I haven't read it, but I'm following the media discussion with great interest. Sandberg's premise seems to be that women need to stop trying so hard to be "nice" in the workplace and stop worrying about the common double-standard by which an assertive man is considered a strong, confident leader, but an assertive woman is considered a bitch. Then again, a lot of her advice, apparently, advocates walking a fine line: be assertive, while being "eternally pleasant." (There go my chances :0)
Lauren Hansen of TheWeek.com gives this helpful synopsis (followed by a good run down of the most well-reasoned arguments flying around about the book):
Sandberg posits that due to forces both internal and external, women make small decisions throughout their career that impede their progress. Whether it's planning ahead for a family, feeling obligated to think of others before themselves, or shying away from their triumphs, women's degenerative choices over time have resulted in the gender as a whole earning only 77 cents for every dollar men make, and holding only "a meager twenty-one" of the Fortune 500 CEO positions.A lot of the criticism of Sandberg's book seems to be that it is "elitist," seeming to take for granted opportunities and luxuries that have enabled her to get to the top. I've read some insightful responses, including one from a Latina perspective, and one about how Sandberg has a very 1970s approach to gender differences.
The conversation around Lean In has also brought more attention to the question of whether women who "opt out" of the workplace to stay home are doing so because they really want to or because—for whatever reason—it is hard for women to succeed in business. Or as Lisa Belkin, author of a well known article from ten years ago called "The Opt-Out Revolution," says, now rethinking her 2003 assertion: "most women who leave the workforce are more pushed than pulled."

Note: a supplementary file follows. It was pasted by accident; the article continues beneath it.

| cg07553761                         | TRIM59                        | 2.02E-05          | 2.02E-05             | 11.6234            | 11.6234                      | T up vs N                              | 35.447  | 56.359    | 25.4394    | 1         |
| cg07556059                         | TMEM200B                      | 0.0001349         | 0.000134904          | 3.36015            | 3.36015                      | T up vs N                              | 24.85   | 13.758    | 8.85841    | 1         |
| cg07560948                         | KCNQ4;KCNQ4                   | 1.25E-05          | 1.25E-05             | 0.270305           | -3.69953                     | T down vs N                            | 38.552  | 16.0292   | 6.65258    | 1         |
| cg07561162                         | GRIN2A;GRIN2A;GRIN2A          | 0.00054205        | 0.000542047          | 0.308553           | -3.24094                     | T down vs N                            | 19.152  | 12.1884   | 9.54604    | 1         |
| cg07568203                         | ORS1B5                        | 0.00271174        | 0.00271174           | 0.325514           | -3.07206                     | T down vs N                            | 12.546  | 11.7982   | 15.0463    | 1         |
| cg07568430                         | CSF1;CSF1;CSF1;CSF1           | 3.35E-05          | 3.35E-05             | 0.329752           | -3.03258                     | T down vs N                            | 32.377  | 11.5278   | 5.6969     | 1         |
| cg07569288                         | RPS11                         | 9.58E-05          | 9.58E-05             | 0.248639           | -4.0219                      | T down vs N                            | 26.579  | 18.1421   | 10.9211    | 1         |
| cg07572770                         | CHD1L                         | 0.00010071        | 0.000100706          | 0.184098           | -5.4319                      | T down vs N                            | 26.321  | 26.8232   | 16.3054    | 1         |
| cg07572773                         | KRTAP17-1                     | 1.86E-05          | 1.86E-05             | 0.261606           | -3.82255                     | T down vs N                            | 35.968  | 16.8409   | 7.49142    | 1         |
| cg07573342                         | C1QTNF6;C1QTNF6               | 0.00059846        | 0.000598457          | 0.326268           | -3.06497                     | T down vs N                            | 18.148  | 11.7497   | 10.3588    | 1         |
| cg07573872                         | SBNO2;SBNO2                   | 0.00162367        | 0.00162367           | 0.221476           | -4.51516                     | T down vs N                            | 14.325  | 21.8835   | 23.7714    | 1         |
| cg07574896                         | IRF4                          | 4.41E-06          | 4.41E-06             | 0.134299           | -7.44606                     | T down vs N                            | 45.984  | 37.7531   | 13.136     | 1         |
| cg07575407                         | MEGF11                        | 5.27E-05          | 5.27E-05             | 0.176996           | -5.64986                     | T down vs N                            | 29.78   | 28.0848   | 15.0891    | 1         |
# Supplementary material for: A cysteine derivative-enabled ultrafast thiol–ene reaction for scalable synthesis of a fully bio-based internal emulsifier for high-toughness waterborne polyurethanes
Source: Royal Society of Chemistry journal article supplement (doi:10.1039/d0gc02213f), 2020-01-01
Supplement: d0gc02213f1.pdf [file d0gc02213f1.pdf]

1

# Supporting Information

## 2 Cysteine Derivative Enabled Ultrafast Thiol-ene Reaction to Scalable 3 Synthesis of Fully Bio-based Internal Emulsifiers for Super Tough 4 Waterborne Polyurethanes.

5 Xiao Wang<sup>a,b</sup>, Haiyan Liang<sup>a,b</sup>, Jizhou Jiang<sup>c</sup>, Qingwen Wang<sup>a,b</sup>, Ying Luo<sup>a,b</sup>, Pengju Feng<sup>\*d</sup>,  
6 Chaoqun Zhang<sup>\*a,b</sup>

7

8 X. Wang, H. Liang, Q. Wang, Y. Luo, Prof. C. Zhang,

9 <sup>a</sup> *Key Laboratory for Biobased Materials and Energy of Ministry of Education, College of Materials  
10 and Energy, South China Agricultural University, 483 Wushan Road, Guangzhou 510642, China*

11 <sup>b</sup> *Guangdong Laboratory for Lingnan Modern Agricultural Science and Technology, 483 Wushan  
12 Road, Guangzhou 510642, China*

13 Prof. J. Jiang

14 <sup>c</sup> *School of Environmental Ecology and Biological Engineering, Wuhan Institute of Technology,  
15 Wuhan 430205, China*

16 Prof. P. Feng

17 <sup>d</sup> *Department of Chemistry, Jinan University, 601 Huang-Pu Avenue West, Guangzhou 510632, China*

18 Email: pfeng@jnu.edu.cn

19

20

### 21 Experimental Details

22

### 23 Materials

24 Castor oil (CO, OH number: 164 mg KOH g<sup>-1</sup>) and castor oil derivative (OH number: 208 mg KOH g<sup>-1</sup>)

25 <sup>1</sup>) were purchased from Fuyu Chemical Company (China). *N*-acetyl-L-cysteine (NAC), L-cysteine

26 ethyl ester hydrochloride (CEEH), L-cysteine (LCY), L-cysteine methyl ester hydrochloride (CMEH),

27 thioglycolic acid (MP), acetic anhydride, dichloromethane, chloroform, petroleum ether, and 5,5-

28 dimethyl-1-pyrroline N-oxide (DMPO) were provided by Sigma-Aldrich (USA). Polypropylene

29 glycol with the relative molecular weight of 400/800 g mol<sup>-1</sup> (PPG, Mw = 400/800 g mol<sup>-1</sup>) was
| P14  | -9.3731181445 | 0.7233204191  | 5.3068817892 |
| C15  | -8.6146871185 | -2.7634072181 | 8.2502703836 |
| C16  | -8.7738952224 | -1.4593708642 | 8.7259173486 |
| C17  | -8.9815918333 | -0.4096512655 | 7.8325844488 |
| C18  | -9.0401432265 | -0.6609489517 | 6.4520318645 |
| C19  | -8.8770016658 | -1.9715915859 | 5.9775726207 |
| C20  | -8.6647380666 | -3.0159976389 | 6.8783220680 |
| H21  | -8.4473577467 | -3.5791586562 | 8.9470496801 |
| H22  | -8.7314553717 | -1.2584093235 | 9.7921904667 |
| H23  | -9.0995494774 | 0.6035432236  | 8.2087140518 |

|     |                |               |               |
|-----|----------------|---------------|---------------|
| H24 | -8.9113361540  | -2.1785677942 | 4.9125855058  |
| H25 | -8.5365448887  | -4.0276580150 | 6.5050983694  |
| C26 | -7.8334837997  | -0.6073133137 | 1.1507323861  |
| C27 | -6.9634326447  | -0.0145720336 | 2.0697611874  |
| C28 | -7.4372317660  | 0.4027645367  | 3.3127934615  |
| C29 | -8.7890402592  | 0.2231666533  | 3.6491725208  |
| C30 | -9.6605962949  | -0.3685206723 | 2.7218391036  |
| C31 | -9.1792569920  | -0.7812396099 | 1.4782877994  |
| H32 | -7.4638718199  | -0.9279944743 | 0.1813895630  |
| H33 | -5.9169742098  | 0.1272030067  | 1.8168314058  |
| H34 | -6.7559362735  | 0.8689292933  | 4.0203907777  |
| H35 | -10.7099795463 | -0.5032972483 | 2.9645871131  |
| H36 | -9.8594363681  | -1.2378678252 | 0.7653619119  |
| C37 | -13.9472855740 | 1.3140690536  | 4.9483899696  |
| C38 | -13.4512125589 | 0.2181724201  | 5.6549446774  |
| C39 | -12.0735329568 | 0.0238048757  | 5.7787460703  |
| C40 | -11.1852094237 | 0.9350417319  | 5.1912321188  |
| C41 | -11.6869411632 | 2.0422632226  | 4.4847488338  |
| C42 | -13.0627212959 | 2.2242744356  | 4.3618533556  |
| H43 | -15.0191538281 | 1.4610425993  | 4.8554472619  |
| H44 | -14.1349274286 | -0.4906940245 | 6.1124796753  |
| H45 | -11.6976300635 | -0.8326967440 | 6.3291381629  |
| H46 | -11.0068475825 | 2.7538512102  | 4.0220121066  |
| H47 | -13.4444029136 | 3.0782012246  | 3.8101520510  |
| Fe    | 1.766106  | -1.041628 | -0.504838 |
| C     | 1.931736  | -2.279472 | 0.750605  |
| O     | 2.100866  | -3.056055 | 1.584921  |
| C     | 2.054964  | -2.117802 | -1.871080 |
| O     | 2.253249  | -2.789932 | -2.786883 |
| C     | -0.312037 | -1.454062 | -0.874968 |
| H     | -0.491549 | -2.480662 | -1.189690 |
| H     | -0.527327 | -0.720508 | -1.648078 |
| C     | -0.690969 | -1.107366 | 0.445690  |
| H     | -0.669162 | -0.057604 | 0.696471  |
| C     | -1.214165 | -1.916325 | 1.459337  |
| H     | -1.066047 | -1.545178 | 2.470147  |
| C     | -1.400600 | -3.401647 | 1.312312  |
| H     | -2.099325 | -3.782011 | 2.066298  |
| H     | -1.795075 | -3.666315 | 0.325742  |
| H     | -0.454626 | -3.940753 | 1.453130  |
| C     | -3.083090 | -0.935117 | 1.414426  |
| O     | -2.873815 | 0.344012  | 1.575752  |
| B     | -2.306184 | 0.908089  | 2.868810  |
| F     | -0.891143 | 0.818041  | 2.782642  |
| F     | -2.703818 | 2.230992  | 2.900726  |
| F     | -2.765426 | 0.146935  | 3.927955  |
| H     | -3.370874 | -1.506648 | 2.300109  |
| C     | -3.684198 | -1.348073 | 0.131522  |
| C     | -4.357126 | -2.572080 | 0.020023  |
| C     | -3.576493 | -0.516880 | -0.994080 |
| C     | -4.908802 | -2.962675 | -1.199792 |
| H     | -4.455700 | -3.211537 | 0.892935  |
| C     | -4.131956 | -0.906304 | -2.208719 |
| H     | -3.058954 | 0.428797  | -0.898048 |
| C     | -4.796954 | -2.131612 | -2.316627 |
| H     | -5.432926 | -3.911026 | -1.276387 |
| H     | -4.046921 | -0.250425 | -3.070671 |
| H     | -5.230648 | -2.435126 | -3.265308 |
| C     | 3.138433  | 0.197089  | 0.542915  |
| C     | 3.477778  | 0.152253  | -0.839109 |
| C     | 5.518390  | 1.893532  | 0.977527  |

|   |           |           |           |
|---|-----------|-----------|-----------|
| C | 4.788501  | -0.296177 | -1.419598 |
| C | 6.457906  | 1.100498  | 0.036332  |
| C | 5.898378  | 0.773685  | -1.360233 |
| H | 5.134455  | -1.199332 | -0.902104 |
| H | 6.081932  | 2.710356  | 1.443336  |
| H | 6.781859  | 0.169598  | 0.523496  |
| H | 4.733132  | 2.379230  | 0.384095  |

I read all this with great interest, having recently halfway-opted-out myself to become a freelance editor and writer. I'm still working quite a bit, but with a lot more flexibility than before. And I'm loving it. I keep saying it's the "best decision I ever made." I control my own schedule, work on a wider variety of projects, and enjoy the satisfaction that comes from gaining new clients. I am more available to my kids and (when we have them) foster kids, making breakfast in the mornings and having dinner started when they get home, not to mention sick and snow days. Our marriage is stronger and happier, presumably because I am more relaxed and we have more time for just the two of us, having lunch on his day off, working in a coffeeshop together on his sermon writing days, etc. And—a plus for an introverted pastor's wife—I am less resentful and drained by all the time we spend at church because I have had plenty of "alone time" while I'm working.
My decision to leave my old job was motivated by a desire for more flexibility and work/home balance, but my new situation is so fulfilling, it's sure hard to think of it as a Plan B. So, according to Belkin, was I "pulled" home by the desire to better care for my family, or was I "pushed" by the corporate environment?
"Had their workplaces been ones that adapted to a world in which workers no longer have other halves (read: wives) focusing on home so that they can focus on the job, and where technology could be used to free employees from their desks physically rather than tethering them metaphorically, and where the "ideal worker" was understood to have priorities outside of the office — in other words, if they'd had a third path — they might well have taken it."I'd probably call the path I'm taking a "third path," but I know that's not possible for everyone. I wonder if people are really making a false dichotomy between "leaning in" and "opting out." When I first heard about Lean In, I thought, "That's a book I would have eaten up a year ago," but I figured it no longer applied to me. I stopped climbing the corporate ladder when I opted to work from home, right? My husband quickly disagreed. "Being your own boss sure sounds like leaning in to me. And you've got the corner office—overlooking the neighborhood pool, no less!"
I'd like to say "leaning in" can mean actively pursuing a career life that works for you, whatever that means; but it's not my term to redefine. All I know is that the combination of push and pull that leads a woman to make a change does not necessarily have to derail her professional success and fulfillment.